Nikki Fargas never knew what a losing season was.

She’d seen losing in the faces of her opponents going back to when she started playing at age 6. But all her teams ever did was win. She won a state title and lost just three games in high school. She won a national title and lost just 11 games at Tennessee. As an assistant at Virginia and Tennessee, and as a head coach at UCLA and in her first four years at LSU, she stacked one winning season upon another, twice leading LSU to the NCAA Sweet 16 amid four NCAA tournament trips.

But this season has been a sobering lesson in how the other half lives.

The Lady Tigers went 10-21, 3-13 in the Southeastern Conference. By at least two standards, it’s the worst season in LSU women’s basketball history, with the most SEC losses (the 1992-93 team went 0-11) and most losses overall (the 1994-95 team went 7-20).

The season made a big impression on Fargas, she said.

“This has been a learning experience for me,” Fargas said. “I truly feel it will make me a better coach. Make me learn what other people have had to face.

“Make no mistake, this is no place I’m comfortable being in. Not one you ever want to go back to.”

It’s a long way from the heady days of Seimone Augustus and Temeka Johnson and Sylvia Fowles. The five Women’s Final Four banners that hang from the catwalk inside the Pete Maravich Assembly Center seemed to mock this year’s proceedings instead of celebrate the Lady Tigers’ glorious past.

Though fan interest and ticket-buying support in the program has eroded, interest in Fargas’ future at LSU has only grown. “Will she be back?” has been a popular question in Baton Rouge virtually this entire season.

So let’s get this out of the way: Fargas will return for the 2016-17 season. LSU athletic director Joe Alleva, who hired her in 2011, has been steadfast in that, citing in large part the extenuating circumstances that conspired to create this dismal, un-LSU-like record.

“We’ve suffered through a really tough year with a tremendous amount of injuries, and losing Danielle Ballard was really tough,” Alleva said Friday.

“I’m very confident we’re going to have a really good year next year.”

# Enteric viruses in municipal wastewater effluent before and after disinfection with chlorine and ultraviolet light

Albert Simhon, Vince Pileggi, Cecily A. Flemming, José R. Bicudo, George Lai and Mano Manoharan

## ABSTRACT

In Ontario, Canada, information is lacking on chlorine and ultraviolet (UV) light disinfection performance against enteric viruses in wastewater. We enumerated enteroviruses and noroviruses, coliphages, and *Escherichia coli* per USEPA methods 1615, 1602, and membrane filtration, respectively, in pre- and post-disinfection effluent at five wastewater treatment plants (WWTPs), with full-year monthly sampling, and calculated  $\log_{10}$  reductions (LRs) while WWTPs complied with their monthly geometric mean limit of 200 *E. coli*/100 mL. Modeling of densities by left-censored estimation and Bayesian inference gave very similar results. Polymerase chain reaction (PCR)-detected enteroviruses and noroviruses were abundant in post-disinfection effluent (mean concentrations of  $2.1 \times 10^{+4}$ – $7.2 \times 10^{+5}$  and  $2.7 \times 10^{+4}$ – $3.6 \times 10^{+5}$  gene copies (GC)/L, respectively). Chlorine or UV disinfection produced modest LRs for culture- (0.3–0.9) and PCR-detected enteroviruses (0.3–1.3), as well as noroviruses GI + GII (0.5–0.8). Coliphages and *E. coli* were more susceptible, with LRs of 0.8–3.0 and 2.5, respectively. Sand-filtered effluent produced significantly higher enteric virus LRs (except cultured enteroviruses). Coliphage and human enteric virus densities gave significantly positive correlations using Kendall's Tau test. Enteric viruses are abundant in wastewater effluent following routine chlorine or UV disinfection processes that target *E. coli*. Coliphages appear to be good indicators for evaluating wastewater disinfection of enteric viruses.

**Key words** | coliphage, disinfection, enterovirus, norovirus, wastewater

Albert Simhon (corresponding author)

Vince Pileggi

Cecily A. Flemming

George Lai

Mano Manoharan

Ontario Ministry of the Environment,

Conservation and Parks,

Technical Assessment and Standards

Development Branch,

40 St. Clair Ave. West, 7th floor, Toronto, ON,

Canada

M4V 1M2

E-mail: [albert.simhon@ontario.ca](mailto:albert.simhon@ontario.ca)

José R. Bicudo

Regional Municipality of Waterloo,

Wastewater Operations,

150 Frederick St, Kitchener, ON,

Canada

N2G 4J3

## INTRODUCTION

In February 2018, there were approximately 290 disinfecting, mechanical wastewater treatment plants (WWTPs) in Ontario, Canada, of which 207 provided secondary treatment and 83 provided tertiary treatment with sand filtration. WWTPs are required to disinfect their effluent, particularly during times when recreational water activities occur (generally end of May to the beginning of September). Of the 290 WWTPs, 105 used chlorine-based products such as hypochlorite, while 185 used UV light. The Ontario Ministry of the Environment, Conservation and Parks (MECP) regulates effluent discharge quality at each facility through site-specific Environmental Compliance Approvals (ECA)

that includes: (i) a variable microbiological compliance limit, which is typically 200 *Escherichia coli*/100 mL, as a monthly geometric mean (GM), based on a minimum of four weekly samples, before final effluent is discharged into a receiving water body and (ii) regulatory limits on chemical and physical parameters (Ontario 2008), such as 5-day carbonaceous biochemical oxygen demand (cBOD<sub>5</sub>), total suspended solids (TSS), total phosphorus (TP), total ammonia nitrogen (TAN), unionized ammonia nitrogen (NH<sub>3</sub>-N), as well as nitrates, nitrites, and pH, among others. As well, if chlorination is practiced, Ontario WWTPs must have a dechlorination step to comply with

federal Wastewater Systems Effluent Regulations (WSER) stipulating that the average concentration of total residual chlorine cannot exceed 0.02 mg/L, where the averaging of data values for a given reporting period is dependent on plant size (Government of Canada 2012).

Alleva declined to say if Fargas had a mandate to return to the NCAA tournament, but you have believe she does. Frankly, there aren’t as many quality programs in women’s basketball as there are in men’s. LSU has more than enough tradition, support and resources that making the NCAA tournament should be the bare minimum for the Lady Tigers every year.

LSU lost 75 games to injuries this season to players like Raigyne Moncrief, star freshman Ayana Mitchell, Jenna Deemer and Ann Jones. Then there’s the dismissal in June of Ballard, the chronically troubled senior guard, a sure-fire All-SEC performer and All-American candidate.

Fargas’ teams have been troubled by more than their share of personnel issues. One of her first star recruits, Krystal Forthan, shockingly quit the team after the 2011-12 season. Jeanne Kenney was constantly beset by freakish injuries. The entire 2012 recruiting class of Ballard, Derreyal Youngblood and Coco Baker was sent packing. How different might this season have been had those three remained and turned into productive seniors?

Nonetheless, Fargas is ultimately responsible for the productivity of her program no matter what, a program whose win total has dropped from 23 in 2011-12 to 22 to 21 to 17 to 10.

There has been little reason to question Fargas’ acumen as an on-court coach. Even in the midst of a dire season, her Lady Tigers played tough defense and always give a strong effort even — when down to six or seven scholarship players.

She helped mold Theresa Plaisance into a two-time All-SEC player and made LaSondra Barrett a player who could effectively play all five positions on the court.

Overall, recruiting must improve. Talent is the lifeblood of any college program, and the Lady Tigers have not had enough of it in Fargas’ tenure. Ballard was the only player who could have played on this year’s team who could have started on one of LSU’s Final Four teams.

That’s a tough standard to match, certainly, but Fargas herself knows the tradition of LSU women’s basketball as a foe and its coach.

“We’re going to do everything in our power to get LSU basketball back at elite level. In a position to cut down nets,” Fargas said. “That’s what I know.”

Back in 1995, after that 7-20 season, then-LSU coach Sue Gunter recommitted he efforts to making LSU basketball great again. Two years later, the Lady Tigers were 25-5 and back in the Sweet 16. Three years after that, LSU made it to the Elite Eight.

There is reason for similar optimism for 2016-17. Moncrief, Deemer and Mitchell are all expected to return healthy. LSU also brings back Alexis Hyder, an undersized but crafty forward in the mold of DeTrina White from the 2000 Final Eight team. Fargas is also bringing in some size and depth, and the losses of seniors Akilah Bethel, Ann Jones and Anne Pedersen won’t be major hits.

It’s said sometimes you have to tear down to build up again. LSU women’s basketball has hit rock bottom. It’s time to rebuild. And time for Fargas to prove that she can be the coach to lead the Lady Tigers to cutting down nets and putting up banners.

Follow Scott Rabalais on Twitter, @RabalaisAdv.